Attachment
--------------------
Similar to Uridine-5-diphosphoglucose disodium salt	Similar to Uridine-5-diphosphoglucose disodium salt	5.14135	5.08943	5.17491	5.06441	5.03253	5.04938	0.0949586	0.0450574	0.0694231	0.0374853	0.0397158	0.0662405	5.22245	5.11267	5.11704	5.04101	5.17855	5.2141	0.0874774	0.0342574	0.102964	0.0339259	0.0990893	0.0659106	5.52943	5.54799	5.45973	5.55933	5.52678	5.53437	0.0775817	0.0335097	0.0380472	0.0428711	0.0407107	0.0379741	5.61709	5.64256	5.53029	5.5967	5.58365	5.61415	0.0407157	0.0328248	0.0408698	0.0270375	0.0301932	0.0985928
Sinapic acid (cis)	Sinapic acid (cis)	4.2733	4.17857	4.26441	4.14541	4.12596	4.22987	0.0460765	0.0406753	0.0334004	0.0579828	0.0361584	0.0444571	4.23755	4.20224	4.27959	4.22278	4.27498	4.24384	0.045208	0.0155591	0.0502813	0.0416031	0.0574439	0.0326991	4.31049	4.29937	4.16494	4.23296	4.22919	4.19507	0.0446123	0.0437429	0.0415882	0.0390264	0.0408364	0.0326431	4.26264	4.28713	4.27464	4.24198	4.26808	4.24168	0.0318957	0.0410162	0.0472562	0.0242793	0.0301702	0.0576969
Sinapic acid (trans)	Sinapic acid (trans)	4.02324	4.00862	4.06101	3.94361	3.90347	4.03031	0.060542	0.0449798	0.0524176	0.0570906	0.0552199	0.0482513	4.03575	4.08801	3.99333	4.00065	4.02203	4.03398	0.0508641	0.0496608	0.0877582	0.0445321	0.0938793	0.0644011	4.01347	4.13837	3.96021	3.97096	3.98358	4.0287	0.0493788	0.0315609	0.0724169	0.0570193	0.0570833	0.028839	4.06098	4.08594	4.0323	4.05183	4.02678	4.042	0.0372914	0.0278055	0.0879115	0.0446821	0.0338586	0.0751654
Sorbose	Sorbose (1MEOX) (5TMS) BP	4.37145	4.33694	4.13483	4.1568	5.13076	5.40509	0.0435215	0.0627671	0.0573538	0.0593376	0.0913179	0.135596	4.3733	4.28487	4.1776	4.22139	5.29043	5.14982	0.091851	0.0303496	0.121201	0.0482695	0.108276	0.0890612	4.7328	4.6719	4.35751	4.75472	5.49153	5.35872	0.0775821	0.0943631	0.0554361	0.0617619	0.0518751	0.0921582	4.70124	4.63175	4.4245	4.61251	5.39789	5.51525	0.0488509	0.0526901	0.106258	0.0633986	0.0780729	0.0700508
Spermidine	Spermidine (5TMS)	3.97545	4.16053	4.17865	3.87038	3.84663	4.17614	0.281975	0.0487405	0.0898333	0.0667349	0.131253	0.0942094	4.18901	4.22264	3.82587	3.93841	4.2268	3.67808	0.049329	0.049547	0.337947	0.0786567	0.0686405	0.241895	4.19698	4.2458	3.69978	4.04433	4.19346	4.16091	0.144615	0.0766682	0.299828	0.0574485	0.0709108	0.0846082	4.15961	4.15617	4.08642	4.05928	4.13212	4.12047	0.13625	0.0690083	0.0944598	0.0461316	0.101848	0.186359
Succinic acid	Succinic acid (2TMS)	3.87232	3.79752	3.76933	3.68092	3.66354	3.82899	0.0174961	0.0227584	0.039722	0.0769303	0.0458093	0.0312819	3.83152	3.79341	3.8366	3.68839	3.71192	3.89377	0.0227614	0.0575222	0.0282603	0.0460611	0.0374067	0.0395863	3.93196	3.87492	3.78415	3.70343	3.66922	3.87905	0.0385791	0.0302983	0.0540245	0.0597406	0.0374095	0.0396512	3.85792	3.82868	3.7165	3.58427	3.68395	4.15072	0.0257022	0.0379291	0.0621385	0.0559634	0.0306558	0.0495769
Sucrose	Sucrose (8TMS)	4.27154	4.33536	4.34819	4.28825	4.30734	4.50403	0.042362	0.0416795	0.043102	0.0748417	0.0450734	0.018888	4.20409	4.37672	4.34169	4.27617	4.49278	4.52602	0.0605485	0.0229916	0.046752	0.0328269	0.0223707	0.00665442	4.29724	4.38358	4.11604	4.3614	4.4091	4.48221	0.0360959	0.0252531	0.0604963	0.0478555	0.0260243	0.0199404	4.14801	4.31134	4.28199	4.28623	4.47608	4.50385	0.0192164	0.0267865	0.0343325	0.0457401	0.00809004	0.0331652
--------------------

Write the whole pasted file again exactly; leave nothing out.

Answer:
Similar to Uridine-5-diphosphoglucose disodium salt	Similar to Uridine-5-diphosphoglucose disodium salt	5.14135	5.08943	5.17491	5.06441	5.03253	5.04938	0.0949586	0.0450574	0.0694231	0.0374853	0.0397158	0.0662405	5.22245	5.11267	5.11704	5.04101	5.17855	5.2141	0.0874774	0.0342574	0.102964	0.0339259	0.0990893	0.0659106	5.52943	5.54799	5.45973	5.55933	5.52678	5.53437	0.0775817	0.0335097	0.0380472	0.0428711	0.0407107	0.0379741	5.61709	5.64256	5.53029	5.5967	5.58365	5.61415	0.0407157	0.0328248	0.0408698	0.0270375	0.0301932	0.0985928
Sinapic acid (cis)	Sinapic acid (cis)	4.2733	4.17857	4.26441	4.14541	4.12596	4.22987	0.0460765	0.0406753	0.0334004	0.0579828	0.0361584	0.0444571	4.23755	4.20224	4.27959	4.22278	4.27498	4.24384	0.045208	0.0155591	0.0502813	0.0416031	0.0574439	0.0326991	4.31049	4.29937	4.16494	4.23296	4.22919	4.19507	0.0446123	0.0437429	0.0415882	0.0390264	0.0408364	0.0326431	4.26264	4.28713	4.27464	4.24198	4.26808	4.24168	0.0318957	0.0410162	0.0472562	0.0242793	0.0301702	0.0576969
Sinapic acid (trans)	Sinapic acid (trans)	4.02324	4.00862	4.06101	3.94361	3.90347	4.03031	0.060542	0.0449798	0.0524176	0.0570906	0.0552199	0.0482513	4.03575	4.08801	3.99333	4.00065	4.02203	4.03398	0.0508641	0.0496608	0.0877582	0.0445321	0.0938793	0.0644011	4.01347	4.13837	3.96021	3.97096	3.98358	4.0287	0.0493788	0.0315609	0.0724169	0.0570193	0.0570833	0.028839	4.06098	4.08594	4.0323	4.05183	4.02678	4.042	0.0372914	0.0278055	0.0879115	0.0446821	0.0338586	0.0751654
Sorbose	Sorbose (1MEOX) (5TMS) BP	4.37145	4.33694	4.13483	4.1568	5.13076	5.40509	0.0435215	0.0627671	0.0573538	0.0593376	0.0913179	0.135596	4.3733	4.28487	4.1776	4.22139	5.29043	5.14982	0.091851	0.0303496	0.121201	0.0482695	0.108276	0.0890612	4.7328	4.6719	4.35751	4.75472	5.49153	5.35872	0.0775821	0.0943631	0.0554361	0.0617619	0.0518751	0.0921582	4.70124	4.63175	4.4245	4.61251	5.39789	5.51525	0.0488509	0.0526901	0.106258	0.0633986	0.0780729	0.0700508
Spermidine	Spermidine (5TMS)	3.97545	4.16053	4.17865	3.87038	3.84663	4.17614	0.281975	0.0487405	0.0898333	0.0667349	0.131253	0.0942094	4.18901	4.22264	3.82587	3.93841	4.2268	3.67808	0.049329	0.049547	0.337947	0.0786567	0.0686405	0.241895	4.19698	4.2458	3.69978	4.04433	4.19346	4.16091	0.144615	0.0766682	0.299828	0.0574485	0.0709108	0.0846082	4.15961	4.15617	4.08642	4.05928	4.13212	4.12047	0.13625	0.0690083	0.0944598	0.0461316	0.101848	0.186359
Succinic acid	Succinic acid (2TMS)	3.87232	3.79752	3.76933	3.68092	3.66354	3.82899	0.0174961	0.0227584	0.039722	0.0769303	0.0458093	0.0312819	3.83152	3.79341	3.8366	3.68839	3.71192	3.89377	0.0227614	0.0575222	0.0282603	0.0460611	0.0374067	0.0395863	3.93196	3.87492	3.78415	3.70343	3.66922	3.87905	0.0385791	0.0302983	0.0540245	0.0597406	0.0374095	0.0396512	3.85792	3.82868	3.7165	3.58427	3.68395	4.15072	0.0257022	0.0379291	0.0621385	0.0559634	0.0306558	0.0495769
Sucrose	Sucrose (8TMS)	4.27154	4.33536	4.34819	4.28825	4.30734	4.50403	0.042362	0.0416795	0.043102	0.0748417	0.0450734	0.018888	4.20409	4.37672	4.34169	4.27617	4.49278	4.52602	0.0605485	0.0229916	0.046752	0.0328269	0.0223707	0.00665442	4.29724	4.38358	4.11604	4.3614	4.4091	4.48221	0.0360959	0.0252531	0.0604963	0.0478555	0.0260243	0.0199404	4.14801	4.31134	4.28199	4.28623	4.47608	4.50385	0.0192164	0.0267865	0.0343325	0.0457401	0.00809004	0.0331652